Not only did she donate her salary, when asked to appear on the cover Vogue (January 2012 issue), she stipulated that a group of powerful Washington women, who are all involved in getting the NWHM built and operating, be included. Who are these women? Joan Wages (President & CEO of the NWHM), Sen. Susan Collins, former Secretary of State Madeleine Albright, poet Maya Angelou, Sen. Barbara Mikulski, Rep. Carolyn Maloney, Del. Eleanor Holmes Norton, and former first-daughters Barbara Bush and Patricia Nixon Cox.
That is an impressive group of women!
The NWHM currently has administrative offices in Alexandria, VA while it works towards the goal of a permanent museum site. According to the latest legislative update on their website on Sept. 8, 2011:
The NWHM bill was attached to other legislation supported by Committee Chairman John Mica (R-FL) and re-introduced as HR 2844, the National Women’s History Museum and Federal Facilities Consolidation and Efficiency Act of 2011. Representative Carolyn Maloney (D-NY) is a cosponsor of the bill.
The legislative language in the new bill revises and further clarifies the boundaries of the site that NWHM will be allowed to purchase at 12th Street and Independence Avenue, SW., adjacent to the National Mall. This change eliminates any questions as to Congressional intent and will be helpful in site negotiations with the General Services Administration (GSA), the nation’s landlord.
The NWHM has a long way to go (the NWHM was founded in 1996 by Karen Straser) before they have a building on the National Mall but they certainly have the passion, drive and star power to bring this museum to fruition.
While exploring the NWHM website the following ‘general question‘ stood out:
Why “women’s history” – isn’t it all just “history?”
Women’s contributions and accomplishments for the most part have been overlooked and consequently omitted from mainstream culture. The National Women’s History Museum will help fill that void. Rather than rewriting current exhibitions at other history museums or having to decide what to omit elsewhere to “fit in” women’s history, the NWHM will serve to place women’s history along side current historical exhibitions.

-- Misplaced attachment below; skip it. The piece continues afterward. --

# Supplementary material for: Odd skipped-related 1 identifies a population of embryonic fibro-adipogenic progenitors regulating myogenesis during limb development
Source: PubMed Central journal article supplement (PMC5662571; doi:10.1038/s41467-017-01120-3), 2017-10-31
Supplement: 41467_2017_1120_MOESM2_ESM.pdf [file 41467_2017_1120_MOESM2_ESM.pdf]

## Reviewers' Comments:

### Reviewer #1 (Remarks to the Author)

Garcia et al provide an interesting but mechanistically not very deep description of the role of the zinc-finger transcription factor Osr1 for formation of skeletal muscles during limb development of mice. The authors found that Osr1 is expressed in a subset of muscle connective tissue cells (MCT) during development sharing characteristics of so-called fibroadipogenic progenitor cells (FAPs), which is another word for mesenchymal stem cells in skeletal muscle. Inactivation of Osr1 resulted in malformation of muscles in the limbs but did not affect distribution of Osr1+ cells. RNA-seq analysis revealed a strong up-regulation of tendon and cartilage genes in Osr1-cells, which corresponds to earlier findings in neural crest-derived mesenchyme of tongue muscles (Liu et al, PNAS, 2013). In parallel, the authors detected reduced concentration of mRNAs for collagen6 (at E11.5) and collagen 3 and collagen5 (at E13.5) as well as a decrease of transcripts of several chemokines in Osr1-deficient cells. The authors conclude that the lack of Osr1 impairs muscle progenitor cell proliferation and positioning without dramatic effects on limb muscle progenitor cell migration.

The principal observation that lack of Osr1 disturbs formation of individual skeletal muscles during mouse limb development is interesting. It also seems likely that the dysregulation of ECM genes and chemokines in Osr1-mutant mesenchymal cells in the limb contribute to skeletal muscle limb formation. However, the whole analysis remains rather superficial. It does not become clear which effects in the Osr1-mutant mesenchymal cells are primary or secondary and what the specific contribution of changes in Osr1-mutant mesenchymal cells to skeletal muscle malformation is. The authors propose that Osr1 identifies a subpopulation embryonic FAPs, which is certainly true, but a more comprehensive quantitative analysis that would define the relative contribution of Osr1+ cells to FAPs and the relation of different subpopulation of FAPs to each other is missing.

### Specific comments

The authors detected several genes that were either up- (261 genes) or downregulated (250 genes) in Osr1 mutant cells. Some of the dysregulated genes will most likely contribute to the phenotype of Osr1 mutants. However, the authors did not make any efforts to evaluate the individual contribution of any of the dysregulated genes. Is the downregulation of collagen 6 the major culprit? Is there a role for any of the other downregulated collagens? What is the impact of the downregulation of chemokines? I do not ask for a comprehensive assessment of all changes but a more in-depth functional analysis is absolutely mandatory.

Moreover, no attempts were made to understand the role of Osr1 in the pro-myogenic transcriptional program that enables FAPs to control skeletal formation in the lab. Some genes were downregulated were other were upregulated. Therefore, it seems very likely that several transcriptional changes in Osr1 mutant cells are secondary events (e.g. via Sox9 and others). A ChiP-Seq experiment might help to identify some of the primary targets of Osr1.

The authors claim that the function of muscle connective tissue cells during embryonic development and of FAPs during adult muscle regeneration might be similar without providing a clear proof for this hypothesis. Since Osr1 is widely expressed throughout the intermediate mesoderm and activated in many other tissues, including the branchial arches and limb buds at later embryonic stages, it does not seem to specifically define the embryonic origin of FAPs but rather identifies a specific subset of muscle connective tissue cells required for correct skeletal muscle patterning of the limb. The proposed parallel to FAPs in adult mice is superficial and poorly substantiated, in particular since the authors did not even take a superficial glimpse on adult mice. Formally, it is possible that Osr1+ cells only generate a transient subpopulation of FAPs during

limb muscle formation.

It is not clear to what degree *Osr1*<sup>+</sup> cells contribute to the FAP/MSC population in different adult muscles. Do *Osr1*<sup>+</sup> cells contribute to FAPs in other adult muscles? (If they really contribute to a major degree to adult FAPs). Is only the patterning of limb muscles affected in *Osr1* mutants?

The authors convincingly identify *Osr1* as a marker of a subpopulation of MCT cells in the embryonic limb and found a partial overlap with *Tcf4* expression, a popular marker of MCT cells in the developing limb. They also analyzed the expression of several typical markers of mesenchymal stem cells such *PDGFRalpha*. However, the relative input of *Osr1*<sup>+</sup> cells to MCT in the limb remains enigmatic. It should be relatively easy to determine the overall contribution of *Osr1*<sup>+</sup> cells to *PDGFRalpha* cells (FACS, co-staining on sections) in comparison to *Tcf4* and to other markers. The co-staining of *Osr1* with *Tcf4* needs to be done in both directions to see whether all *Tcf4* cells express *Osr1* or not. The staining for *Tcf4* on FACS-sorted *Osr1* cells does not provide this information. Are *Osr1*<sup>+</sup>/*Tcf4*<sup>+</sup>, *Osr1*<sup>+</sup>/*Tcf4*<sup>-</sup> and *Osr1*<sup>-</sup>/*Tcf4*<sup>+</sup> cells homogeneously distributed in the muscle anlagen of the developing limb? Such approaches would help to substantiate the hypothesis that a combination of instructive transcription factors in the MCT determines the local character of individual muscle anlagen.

Women’s history is half of our national story. The objective is to promote scholarship and expand our knowledge of American history.
Which begs the question: Are “demographic-based” museums a sign that museums aren’t all inclusive?
The following questions were posted on my Facebook wall by dear friend and fellow museum professional, Mark Sundlov:
Are [demographic-based museums] a sign that museums have not fulfilled the public-history promises to be inclusive and engaging with people of all demographics?
Do museums do their best work when they are tightly focused on a single demographic?
Does the National Museum of American History (NMAH) now have an excuse to work less diligently to include women’s history in its exhibits?
These are all fabulous questions.
There is no doubt that at one time museums were for the upper class, well to do, highly educated and directed primarily by white men.
Times have changed and continue to change in the museum field.
We talk about not only engaging but serving our communities, reaching underserved populations, increasing interactivity and user-generated content making museums “open-source.” In doing all of this, are we forgetting to “update” the content in our institutions? Do our collections policies need to change? Do our communities see themselves in or connect with our exhibitions?
Or when someone visits the NMAH and someone asks the front desk where they can find information about Frances Ellen Watkins Harper will they hear, “oh, you have to go to the National Museum of African American History and Culture or the NWHM for that.”
I don’t know the answers to all of these questions but I would love for you to share your thoughts. Let’s start a discussion.